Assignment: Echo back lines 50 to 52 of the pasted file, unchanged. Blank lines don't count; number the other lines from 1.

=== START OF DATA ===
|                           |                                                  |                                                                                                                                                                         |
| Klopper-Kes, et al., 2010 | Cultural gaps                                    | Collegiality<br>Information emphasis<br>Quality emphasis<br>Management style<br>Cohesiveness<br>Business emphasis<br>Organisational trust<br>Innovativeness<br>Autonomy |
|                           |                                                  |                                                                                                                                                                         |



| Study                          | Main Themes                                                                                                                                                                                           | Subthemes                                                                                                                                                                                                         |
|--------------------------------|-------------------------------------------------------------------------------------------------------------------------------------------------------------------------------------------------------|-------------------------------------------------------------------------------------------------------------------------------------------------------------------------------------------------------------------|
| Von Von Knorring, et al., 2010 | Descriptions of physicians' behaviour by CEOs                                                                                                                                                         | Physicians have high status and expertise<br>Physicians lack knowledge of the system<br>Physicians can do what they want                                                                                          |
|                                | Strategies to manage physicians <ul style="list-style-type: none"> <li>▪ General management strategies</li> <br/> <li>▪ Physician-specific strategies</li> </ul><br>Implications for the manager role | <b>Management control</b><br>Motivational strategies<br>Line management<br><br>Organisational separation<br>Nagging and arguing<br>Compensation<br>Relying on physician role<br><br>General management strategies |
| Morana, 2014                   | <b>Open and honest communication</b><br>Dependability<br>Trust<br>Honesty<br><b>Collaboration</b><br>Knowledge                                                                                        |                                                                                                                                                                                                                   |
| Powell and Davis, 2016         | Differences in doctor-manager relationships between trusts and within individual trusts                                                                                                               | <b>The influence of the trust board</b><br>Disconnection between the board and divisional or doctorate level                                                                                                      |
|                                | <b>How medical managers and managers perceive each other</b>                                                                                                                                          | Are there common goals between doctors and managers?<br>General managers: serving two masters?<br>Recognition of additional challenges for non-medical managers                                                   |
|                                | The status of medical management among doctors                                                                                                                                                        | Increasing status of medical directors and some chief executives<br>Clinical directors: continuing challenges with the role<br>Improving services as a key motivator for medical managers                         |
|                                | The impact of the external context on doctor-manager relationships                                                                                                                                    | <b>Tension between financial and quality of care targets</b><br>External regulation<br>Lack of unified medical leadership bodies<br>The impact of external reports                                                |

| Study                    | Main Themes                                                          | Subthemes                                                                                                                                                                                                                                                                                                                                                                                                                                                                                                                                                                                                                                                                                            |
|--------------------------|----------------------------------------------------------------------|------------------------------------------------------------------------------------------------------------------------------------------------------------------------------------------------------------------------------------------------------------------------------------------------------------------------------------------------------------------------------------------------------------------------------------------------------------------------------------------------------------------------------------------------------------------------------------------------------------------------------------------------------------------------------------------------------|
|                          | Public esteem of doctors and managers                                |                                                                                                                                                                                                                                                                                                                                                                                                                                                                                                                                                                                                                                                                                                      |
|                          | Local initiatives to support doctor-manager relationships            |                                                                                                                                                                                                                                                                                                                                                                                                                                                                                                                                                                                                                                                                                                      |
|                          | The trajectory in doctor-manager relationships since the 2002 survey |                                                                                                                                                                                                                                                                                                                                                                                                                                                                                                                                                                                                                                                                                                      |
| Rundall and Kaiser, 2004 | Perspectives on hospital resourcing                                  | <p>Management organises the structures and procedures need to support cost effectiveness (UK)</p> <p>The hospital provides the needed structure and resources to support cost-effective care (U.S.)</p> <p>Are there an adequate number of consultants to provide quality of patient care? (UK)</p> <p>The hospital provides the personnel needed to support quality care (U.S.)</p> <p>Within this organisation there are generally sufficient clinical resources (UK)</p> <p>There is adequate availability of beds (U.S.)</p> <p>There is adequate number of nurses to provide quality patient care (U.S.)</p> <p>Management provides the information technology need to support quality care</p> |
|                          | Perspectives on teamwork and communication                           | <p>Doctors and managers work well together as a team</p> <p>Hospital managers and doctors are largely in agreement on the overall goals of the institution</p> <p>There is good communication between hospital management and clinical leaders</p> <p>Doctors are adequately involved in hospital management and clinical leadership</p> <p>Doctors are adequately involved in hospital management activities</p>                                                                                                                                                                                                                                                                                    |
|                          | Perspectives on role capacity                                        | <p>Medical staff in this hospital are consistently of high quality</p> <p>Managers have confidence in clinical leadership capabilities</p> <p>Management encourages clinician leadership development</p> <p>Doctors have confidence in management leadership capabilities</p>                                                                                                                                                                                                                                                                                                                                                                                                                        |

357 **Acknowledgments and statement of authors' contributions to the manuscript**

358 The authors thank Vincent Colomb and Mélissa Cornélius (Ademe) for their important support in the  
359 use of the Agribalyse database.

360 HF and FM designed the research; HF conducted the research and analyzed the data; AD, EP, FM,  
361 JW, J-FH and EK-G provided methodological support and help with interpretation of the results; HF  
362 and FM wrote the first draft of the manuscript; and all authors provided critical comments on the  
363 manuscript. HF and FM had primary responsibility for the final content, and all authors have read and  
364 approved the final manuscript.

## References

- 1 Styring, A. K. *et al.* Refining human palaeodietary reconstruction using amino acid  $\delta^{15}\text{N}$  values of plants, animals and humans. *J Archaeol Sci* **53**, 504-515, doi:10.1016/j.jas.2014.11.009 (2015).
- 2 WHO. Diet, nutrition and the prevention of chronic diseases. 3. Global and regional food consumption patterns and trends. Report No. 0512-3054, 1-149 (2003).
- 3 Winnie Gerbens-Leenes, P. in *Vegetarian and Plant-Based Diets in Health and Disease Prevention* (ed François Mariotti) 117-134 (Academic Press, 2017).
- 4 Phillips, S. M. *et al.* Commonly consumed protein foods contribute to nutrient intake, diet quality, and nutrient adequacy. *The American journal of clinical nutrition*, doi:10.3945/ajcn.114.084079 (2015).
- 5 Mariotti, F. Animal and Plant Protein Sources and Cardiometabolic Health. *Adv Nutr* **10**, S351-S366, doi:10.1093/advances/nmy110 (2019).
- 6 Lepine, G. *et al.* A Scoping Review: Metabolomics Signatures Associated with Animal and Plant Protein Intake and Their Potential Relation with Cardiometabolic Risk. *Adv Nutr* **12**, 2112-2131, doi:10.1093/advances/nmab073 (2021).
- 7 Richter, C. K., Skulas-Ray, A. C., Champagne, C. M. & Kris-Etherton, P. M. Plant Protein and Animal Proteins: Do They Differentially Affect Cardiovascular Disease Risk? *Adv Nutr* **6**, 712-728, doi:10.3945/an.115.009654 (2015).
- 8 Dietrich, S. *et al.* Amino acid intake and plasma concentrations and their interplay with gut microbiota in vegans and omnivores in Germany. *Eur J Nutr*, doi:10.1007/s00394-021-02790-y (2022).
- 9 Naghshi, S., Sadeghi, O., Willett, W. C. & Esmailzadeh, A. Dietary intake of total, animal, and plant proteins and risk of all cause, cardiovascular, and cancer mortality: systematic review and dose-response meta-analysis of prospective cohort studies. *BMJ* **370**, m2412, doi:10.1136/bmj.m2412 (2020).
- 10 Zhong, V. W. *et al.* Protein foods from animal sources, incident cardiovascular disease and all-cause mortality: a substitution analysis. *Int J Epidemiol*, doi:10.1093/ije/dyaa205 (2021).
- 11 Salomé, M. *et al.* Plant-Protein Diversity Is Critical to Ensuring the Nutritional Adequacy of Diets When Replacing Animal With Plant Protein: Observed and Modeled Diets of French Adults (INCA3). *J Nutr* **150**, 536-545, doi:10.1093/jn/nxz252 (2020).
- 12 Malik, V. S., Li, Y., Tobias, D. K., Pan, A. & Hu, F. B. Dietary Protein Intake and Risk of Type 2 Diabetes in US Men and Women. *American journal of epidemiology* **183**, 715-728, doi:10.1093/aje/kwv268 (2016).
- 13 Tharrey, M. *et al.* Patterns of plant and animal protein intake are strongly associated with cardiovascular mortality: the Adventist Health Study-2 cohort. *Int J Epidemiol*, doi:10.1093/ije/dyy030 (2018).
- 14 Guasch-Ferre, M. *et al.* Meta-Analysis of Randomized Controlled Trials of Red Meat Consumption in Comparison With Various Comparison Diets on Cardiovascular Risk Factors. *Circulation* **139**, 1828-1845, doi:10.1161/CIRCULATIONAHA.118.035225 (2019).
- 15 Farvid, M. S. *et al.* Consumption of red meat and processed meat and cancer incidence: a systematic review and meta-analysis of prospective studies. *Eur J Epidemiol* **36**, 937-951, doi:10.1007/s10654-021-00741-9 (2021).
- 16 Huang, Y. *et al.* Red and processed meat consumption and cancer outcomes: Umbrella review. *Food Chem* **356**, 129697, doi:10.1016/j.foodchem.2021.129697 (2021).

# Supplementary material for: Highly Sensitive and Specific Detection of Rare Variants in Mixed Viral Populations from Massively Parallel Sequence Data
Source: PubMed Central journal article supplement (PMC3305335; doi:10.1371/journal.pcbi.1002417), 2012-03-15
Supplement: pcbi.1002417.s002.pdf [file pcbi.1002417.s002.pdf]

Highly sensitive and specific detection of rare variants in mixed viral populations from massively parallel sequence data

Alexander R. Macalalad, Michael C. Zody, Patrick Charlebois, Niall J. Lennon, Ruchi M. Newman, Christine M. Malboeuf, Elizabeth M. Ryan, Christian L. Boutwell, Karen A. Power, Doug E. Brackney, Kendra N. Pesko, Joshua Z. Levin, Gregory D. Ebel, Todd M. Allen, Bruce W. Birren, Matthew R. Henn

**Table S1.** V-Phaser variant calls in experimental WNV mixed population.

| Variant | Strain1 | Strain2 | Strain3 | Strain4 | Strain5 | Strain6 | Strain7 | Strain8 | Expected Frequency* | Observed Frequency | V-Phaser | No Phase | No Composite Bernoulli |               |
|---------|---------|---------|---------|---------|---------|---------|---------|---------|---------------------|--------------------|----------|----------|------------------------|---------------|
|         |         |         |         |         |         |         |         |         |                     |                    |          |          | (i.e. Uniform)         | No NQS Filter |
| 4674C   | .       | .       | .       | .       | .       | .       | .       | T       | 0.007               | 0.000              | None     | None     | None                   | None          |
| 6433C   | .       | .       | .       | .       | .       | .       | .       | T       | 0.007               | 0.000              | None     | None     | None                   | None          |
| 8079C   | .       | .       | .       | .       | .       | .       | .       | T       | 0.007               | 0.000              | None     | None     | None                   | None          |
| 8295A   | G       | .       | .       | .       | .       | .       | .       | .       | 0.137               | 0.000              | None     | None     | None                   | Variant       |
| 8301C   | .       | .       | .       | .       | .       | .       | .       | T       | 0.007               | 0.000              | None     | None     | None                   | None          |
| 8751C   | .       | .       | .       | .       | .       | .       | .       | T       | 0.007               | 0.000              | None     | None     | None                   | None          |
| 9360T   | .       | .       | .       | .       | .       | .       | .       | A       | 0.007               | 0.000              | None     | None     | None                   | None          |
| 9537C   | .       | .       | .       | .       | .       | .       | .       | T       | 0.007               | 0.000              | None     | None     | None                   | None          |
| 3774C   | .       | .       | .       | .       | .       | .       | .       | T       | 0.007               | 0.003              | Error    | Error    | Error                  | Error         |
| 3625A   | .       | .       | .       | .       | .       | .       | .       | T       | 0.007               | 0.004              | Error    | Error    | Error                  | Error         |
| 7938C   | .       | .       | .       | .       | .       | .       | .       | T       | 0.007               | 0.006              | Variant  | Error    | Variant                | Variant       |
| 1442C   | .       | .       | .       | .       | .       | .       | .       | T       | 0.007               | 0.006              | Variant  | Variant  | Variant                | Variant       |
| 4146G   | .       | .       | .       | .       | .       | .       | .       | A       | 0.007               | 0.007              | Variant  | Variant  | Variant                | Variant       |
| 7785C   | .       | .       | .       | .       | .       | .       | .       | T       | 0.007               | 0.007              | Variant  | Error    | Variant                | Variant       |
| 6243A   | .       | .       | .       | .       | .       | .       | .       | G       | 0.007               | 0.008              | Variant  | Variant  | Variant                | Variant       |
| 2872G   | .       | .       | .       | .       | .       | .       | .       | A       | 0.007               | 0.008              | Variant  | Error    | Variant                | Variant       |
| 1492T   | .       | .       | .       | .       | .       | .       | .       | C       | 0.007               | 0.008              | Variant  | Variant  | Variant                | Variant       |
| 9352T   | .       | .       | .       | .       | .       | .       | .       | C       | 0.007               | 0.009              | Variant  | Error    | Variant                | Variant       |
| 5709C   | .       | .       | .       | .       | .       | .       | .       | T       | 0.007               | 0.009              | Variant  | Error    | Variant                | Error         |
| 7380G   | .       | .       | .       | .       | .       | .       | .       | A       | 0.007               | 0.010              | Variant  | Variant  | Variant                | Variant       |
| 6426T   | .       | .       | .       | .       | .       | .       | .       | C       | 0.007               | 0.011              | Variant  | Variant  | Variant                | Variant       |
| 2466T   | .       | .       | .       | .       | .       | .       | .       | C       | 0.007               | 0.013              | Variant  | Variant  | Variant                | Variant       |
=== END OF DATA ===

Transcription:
Alexander R. Macalalad, Michael C. Zody, Patrick Charlebois, Niall J. Lennon, Ruchi M. Newman, Christine M. Malboeuf, Elizabeth M. Ryan, Christian L. Boutwell, Karen A. Power, Doug E. Brackney, Kendra N. Pesko, Joshua Z. Levin, Gregory D. Ebel, Todd M. Allen, Bruce W. Birren, Matthew R. Henn

**Table S1.** V-Phaser variant calls in experimental WNV mixed population.

| Variant | Strain1 | Strain2 | Strain3 | Strain4 | Strain5 | Strain6 | Strain7 | Strain8 | Expected Frequency* | Observed Frequency | V-Phaser | No Phase | No Composite Bernoulli |               |